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Thursday, June 23, 2011

Album Review: Molly Hatchet - Greatest Hits II

Molly Hatchet - Greatest Hits II
2011 SPV Steamhammer
Ray Van Horn, Jr.

Molly Hatchet is one of those beasts of a band that both nobody and everybody wants to claim for their own. By this, we're to say the Hatchet has long been buried in the Southern boogie rock and headbanger sanctions. Still, for as long as Molly Hatchet has been tearing ass through the rock world, one would assume they'd dominate classic rock stations like Skynard, The Allman Brothers, ZZ Top, Kansas and Bad Company do.

More than likely the only Molly Hatchet song anyone outside of the band's pack of beer-chasing mongrels knows is "Flirtin' With Disaster," about the only tune any radio station ever spins of theirs. Like Thin Lizzy's "The Boys Are Back in Town" and Nazareth's booming take on "Love Hurts," Molly Hatchet should have at least a few more of their late seventies' hauls such as "Bounty Hunter," "The Creeper" and "Whiskey Man" played with regularity over the airwaves.

Similar to Nazareth, Molly Hatchet once disbanded and has been on the prowl in the 2000s with a steady stream of loud 'n proud revival albums: Devil's Canyon, Justice, Warriors of the Rainbow Bridge, Kingdom of XII and Silent Reign of Heroes. Guitarist Dave Hlubek has been the last man standing in a band that once ran a stint without him in 1989 on the ill-fated Lightning Strikes Twice. That being said, the sextet comprising Molly Hatchet today has been fortified by the songwriting and axe slinging prowess of Bobby Ingram.

On their more recent albums, Molly Hatchet has mixed up the thunder with some prog and it is this reason SPV Steamhammer brings you Greatest Hits II. This double album brings you a pocketful of tunes from the group's past five studio albums and their two live albums, Locked and Loaded and Live in Hamburg. For good measure, a previously unreleased seven minute cut "Sacred Ground" is tossed into the goodie bag.

Say what you will about Molly Hatchet. They have the best goddamn sword 'n sorcery album covers in the business courtesy of Frank Frazetta, even if this compendium dispels with tradition. Instead, Greatest Hits II opts for the less-striking though bluntly-stated message of the South making amends with the North. Under one God, under one joint flag, under one post 9-11 shared conflagration. In other words, Molly Hatchet.

The selections chosen on the first disc of Greatest Hits II may not knock on the door of Molly Hatchet's early catalog, but no doubt every hellraiser in a dinged-up Nova is going to holler along madcap to "Son of the South," "Heart of the USA," "American Pride" and "Mississipi Moon Dog." All of these songs punch the card within four-to five minutes max, capitalizing on anthemic patriotism and their payday-driven masculinity. It's the more progressive "Fall of the Peacemakers," "I'm Gonna Live 'til I Die," "The Journey" and "Rainbow Bridge" which shows a near-bipolar duality to Molly Hatchet in its second life. One thing to note about Bobby Ingram and Dave Hlubek: together, these guys cover as a tag-team what used to be expounded by a threesome. You're listening to these newer compositions with the delivered promise of sparkling solos and mammoth riffing. Somehow Ingram and Hlubek still manage to pass off as a trio.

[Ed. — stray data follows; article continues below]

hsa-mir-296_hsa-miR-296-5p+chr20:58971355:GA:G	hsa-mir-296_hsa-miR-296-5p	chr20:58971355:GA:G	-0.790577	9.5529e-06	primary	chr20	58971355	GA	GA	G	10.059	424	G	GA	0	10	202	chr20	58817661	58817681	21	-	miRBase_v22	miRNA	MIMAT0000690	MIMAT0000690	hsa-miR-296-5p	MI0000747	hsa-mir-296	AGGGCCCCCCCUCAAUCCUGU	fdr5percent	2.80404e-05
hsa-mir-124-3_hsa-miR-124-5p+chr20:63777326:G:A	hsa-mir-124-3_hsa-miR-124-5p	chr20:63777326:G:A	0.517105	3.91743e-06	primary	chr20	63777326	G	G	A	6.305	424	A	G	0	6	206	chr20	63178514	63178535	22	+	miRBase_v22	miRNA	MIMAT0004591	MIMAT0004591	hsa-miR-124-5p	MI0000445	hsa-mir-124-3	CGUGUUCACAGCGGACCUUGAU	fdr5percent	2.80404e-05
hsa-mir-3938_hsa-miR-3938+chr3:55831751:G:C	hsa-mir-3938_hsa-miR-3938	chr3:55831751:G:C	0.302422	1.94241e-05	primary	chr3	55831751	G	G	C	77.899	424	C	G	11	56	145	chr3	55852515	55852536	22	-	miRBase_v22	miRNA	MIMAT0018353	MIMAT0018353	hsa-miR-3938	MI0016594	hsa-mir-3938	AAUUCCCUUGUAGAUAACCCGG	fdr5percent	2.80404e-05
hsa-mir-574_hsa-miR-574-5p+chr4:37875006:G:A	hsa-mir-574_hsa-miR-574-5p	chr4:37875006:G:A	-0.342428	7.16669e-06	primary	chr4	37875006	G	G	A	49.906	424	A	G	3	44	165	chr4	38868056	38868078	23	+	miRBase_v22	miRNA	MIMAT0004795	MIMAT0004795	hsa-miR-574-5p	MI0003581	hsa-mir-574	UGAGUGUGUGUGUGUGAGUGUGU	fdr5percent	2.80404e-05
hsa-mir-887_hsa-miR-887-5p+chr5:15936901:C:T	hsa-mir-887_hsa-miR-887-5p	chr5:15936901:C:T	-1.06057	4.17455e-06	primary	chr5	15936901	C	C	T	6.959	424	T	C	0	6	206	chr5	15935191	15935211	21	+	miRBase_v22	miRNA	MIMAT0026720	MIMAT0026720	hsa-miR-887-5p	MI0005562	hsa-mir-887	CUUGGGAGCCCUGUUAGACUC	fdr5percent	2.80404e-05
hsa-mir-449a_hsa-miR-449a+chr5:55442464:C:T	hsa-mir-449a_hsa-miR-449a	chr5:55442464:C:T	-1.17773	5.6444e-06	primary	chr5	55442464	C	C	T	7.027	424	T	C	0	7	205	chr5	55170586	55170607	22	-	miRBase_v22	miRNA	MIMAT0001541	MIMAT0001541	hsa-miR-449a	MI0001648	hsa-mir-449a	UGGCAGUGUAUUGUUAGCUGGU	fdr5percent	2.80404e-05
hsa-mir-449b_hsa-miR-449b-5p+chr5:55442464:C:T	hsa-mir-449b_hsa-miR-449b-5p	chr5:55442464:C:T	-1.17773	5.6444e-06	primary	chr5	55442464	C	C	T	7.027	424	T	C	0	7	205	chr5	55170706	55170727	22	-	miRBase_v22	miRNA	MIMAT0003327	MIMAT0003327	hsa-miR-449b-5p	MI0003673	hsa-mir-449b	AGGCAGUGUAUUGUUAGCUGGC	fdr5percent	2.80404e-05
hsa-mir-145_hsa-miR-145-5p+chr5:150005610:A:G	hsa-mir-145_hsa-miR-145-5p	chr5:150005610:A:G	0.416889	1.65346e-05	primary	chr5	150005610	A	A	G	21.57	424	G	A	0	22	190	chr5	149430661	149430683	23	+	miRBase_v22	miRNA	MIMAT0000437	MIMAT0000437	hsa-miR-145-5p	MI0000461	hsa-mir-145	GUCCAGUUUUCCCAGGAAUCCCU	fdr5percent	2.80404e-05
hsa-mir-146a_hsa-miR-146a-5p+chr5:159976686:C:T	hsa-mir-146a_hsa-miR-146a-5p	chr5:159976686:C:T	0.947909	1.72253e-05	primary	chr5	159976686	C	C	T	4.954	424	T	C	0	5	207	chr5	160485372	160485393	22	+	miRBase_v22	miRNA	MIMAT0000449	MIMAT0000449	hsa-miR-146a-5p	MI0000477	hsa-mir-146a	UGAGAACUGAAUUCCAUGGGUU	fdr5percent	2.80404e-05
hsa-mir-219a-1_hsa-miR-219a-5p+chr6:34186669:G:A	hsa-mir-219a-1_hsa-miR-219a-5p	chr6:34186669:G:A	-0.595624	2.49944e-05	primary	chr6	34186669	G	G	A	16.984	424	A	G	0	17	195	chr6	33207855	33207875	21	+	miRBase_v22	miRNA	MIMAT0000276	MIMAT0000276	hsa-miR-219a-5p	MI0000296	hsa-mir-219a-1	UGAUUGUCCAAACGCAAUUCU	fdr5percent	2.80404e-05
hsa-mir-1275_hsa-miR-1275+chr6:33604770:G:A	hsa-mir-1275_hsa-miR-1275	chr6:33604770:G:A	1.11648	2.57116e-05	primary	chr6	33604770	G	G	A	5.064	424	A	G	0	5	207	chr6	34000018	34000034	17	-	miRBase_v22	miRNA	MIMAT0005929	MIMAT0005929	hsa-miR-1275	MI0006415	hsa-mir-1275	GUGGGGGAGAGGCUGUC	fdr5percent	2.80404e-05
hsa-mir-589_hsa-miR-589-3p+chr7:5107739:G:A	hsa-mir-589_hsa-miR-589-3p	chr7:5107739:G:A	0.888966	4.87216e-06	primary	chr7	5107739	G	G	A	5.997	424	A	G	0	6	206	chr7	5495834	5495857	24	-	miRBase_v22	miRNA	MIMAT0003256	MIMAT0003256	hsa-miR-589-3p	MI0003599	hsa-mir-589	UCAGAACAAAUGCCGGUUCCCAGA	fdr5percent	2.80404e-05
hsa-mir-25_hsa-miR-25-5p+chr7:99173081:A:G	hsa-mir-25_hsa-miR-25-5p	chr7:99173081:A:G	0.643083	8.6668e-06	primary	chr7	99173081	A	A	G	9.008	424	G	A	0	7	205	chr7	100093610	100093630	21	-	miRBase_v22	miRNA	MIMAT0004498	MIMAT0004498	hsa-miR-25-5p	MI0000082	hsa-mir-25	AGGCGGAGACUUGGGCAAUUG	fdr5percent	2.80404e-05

While many of the studio songs range from good to average on Greatest Hits II, the label is banking on its live selections to keep fans interested. Really, there's nothing amongst the accumulated studio tracks constituting a "hit" in the fiscally measurable sense. Nearly all of the live choices on the second disc are culled from the 1978 self-titled album and subsequent Flirtin' With Disaster. It's been many sundowns since Danny Joe Brown howled overtop "Bounty Hunter," "Gator Country," "Dreams I'll Never See" and "Flirtin' With Disaster." As ralphed by Phil McCormack, these vintage Hatchet tunes are still well-passable and are the reason diehards will want Greatest Hits II if they don't already own Locked and Loaded and Live in Hamburg.

Frankly, Phil McCormack can be a tough pill to swallow at times and Molly Hatchet carries a jughead nuance about them that is often hard to push away when they strive for articulation. Somehow, for all the seriousness of "Fall of the Peacemakers" and "Tatanka," you still have the subliminal image of foxy Southern belles dumping Bud Lights overtop their stretched-out white tees and sloven perverts wearing Johnny Reb bandanas pitching what lies beneath their sterling silver belt buckles. Hell yeah, sons of the South, as McCormack and company bellow.

For diehards and those looking to catch up with Molly Hatchet's doings after bailing on No Guts...No Glory and Deed is Done.

Rating: ***

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